Source: MKC presentation.
MKC shows a very strong business model and meets my 4th investing principle.
Principle #5: Buy When You Have Money in Hand - At The Right Valuation
I think the perfect time to buy stocks is when you have money. Sleeping money is always a bad investment. However, it doesn't mean that you should buy everything you see because you have some savings aside. There is a valuation work to be done. In order to achieve this task, I will start by looking at how the stock market valued the stock over the past 10 years by looking at its PE ratio:
Source: data from Ycharts.
MKC seems to be priced relatively high at the moment. In fact, we have to go back in time to 97 to find a higher PE ratio. I understand that MKC shows interesting growth perspectives and have not disappointed the market while many other companies have in the past 2 years, but still, a PE ratio of 31 seems very high to me.
By using a second method, I will determine the value of MKC based on its dividend growth payment potential. For the first 10 years, I will use a 7.5% dividend growth rate which is in line with their most recent increase. Then, I will decrease the dividend growth rate to 7% for the years after. It is quite a high number, but the company has shown it is able to maintain a strong dividend growth increase. As for the discount rate, I think MKC deserves a 9%, the lowest rate I use for highly stable and predictable companies.
Input Descriptions for 15-Cell Matrix
Enter Recent Annual Dividend Payment:
Enter Expected Dividend Growth Rate Years 1-10:
Enter Expected Terminal Dividend Growth Rate:
Enter Discount Rate:
Here are the results of my calculation:
Calculated Intrinsic Value OUTPUT 15-Cell Matrix
Discount Rate (Horizontal)
Margin of Safety
The second valuation methods show there is a 10% premium to buy MKC at current price. I'm not surprised to see such a strong company being overvalued at this point. However, it will be hard to defend its purchase now since the dividend yield is at its lowest point and its valuation at its highest. MKC doesn't meet my 5th investing principle.
Principle #6: The Rationale Used to Buy is Also Used to Sell
I've found that one of the biggest investor struggles is to know when to buy and sell his holdings. I use a very simple, but very effective rule to overcome my emotions when it is the time to pull the trigger. My investment decisions are motivated by the fact that the company confirms or not my investment thesis. Once the reasons (my investment thesis) why I purchase shares of a company are not valid anymore, I sell and never look back.
MKC is by far larger than any of its competitors owning 20% of world market share (4 times bigger than its closest competitor). By spending 7% of its sales in research and marketing, MKC is always ahead of its competitors. Its private label segment opened the door to sell in Dollar General and Family Dollar stores. Finally, McCormick has developed a sticky relationship with many of its retailers and industrial clients making them very hard to push aside. An investment in MKC is an investment in a highly recurring business generating an ever increasing cash flow. The company has been highly successful in developing new products and making sure to benefit from the current trend towards healthier food with more flavor. When you can find a company that offers both growth perspectives and dividend growth payment, this quite an investment.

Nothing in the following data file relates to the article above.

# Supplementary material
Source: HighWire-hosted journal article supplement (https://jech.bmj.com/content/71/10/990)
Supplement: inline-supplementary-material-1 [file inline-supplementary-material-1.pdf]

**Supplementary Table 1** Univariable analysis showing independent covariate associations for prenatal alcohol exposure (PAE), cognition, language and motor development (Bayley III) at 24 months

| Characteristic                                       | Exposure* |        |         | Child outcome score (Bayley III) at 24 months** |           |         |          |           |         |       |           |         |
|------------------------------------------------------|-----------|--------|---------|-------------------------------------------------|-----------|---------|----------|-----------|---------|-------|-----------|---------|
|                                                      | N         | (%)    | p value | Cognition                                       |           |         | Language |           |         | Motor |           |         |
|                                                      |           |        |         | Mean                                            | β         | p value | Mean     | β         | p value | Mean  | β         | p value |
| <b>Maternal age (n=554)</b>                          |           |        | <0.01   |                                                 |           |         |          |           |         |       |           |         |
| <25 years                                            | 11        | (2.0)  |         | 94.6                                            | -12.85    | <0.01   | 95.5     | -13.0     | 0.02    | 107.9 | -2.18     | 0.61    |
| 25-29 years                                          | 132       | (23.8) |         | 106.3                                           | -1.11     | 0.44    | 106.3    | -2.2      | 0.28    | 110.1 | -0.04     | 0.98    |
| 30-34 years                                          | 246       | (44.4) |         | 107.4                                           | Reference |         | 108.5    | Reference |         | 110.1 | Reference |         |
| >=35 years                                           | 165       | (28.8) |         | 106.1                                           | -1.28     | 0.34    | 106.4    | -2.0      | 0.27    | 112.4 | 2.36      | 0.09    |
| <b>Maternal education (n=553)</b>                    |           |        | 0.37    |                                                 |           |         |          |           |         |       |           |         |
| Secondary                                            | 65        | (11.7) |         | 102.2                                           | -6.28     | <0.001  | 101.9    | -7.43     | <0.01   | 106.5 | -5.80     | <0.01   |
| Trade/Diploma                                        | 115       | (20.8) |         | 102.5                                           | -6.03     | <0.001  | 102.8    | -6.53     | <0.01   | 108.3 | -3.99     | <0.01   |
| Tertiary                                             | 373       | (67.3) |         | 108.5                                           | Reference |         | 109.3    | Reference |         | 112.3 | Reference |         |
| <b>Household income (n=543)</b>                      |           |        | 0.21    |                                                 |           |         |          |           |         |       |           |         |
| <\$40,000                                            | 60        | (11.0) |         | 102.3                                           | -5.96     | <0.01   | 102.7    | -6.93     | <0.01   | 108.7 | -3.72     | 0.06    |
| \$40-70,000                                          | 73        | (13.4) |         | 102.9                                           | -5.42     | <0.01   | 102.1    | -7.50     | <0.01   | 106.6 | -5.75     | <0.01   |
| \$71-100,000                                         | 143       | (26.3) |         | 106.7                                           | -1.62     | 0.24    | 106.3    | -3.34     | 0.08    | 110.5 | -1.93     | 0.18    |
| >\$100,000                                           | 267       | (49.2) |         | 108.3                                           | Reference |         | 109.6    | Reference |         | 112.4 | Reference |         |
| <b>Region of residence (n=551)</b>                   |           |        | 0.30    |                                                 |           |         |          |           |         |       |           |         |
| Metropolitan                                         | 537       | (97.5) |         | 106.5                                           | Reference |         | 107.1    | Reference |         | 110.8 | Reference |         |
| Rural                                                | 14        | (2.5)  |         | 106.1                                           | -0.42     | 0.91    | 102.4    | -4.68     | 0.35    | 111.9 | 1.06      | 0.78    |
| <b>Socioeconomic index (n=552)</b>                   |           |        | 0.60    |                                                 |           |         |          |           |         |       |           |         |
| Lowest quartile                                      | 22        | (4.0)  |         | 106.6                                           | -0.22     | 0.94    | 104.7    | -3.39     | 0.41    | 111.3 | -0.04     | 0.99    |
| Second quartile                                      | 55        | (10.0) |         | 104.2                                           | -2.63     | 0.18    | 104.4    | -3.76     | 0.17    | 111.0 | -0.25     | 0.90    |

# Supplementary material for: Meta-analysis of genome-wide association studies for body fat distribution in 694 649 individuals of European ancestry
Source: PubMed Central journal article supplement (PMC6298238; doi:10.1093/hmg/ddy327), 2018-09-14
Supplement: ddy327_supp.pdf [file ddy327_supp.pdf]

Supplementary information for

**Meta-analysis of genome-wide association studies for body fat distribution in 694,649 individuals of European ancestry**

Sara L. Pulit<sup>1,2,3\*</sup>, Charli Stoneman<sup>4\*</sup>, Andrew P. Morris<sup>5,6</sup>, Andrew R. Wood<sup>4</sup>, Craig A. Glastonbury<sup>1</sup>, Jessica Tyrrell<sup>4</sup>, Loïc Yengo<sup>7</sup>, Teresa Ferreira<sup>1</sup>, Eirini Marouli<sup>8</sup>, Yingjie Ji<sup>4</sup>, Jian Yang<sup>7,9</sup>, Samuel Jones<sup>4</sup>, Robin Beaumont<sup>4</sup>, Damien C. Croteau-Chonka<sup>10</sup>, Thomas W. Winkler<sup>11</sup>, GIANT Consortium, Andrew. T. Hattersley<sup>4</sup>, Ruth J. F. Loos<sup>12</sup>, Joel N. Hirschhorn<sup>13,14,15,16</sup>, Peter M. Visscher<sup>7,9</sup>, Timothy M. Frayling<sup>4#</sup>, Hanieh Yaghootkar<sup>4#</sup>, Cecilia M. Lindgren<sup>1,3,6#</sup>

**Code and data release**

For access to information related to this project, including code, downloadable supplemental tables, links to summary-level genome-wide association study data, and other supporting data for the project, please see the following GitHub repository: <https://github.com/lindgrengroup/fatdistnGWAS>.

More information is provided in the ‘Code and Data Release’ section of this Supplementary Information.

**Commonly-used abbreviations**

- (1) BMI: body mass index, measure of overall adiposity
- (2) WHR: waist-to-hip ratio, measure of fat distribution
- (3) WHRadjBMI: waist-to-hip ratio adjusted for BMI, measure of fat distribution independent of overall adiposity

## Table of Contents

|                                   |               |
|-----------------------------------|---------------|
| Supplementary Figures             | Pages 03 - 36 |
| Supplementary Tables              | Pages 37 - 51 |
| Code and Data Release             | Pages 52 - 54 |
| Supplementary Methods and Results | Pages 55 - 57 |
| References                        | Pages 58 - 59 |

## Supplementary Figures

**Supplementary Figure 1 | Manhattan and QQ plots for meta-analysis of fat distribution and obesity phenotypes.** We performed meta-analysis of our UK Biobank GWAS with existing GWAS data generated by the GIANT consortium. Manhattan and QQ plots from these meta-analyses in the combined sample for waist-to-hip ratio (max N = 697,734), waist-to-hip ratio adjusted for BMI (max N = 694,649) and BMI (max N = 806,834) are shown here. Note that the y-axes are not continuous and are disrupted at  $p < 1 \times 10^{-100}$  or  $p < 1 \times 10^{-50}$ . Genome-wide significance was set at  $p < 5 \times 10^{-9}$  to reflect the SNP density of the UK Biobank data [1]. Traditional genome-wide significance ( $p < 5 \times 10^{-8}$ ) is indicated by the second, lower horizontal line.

At this point, I see this market growing with very limited risk in an investment in MKC. Besides the fact the company seems overvalued by 10% at this time, MKC seems to benefit from very good years in its business. However, the fact that prices of many ingredients such as pepper, dairy ingredients, vanilla and nuts have grown significantly, it could hurt MKC's margins later down the road. MKC shows a very strong investment thesis and meets my 6th investing principle.
Principle #7: Think Core, Think Growth
My investing strategy is divided into two segment: the core portfolio built with strong & stable stocks meeting all our requirements. The second part is called the "dividend growth stock addition" where I may ignore one of the metrics mentioned in principles #1 to #5 for a greater upside potential (e.g. riskier pick as well).
Having both segment helps me to categorize my investments into a "conservative" or "core" section or into a "growth" section. I then know exactly what to expect from it; a steady dividend payment or higher fluctuation with a great growth potential.
MKC could definitely fit in a core portfolio but it is also able to bring more growth at the same time. It is very rare we see a consumer defensive company being able to post strong growth numbers. In the light of this analysis, I think MKC could fit in both core or growth portfolio.
Final Thoughts on MKC - Buy, Hold or Sell?
At this time, I'm more kicking myself to not have found MKC sooner than later. The company seems to be on a strong uptrend and it may not really matter if there is a premium price attached to its stock at the moment. If I had bought MKC 2 years ago, I would presently keep it. However, since I didn't buy it, I will keep it on my watchlist for a future dip in the stock price.
Disclaimer: I do not hold MKC in my DividendStocksRock portfolios.
Disclaimer: The opinions and the strategies of the author are not intended to ever be a recommendation to buy or sell a security. The strategy the author uses has worked for him and it is for you to decide if it could benefit your financial future. Please remember to do your own research and know your risk tolerance.
Disclosure: I/we have no positions in any stocks mentioned, and no plans to initiate any positions within the next 72 hours.
I wrote this article myself, and it expresses my own opinions. I am not receiving compensation for it (other than from Seeking Alpha). I have no business relationship with any company whose stock is mentioned in this article.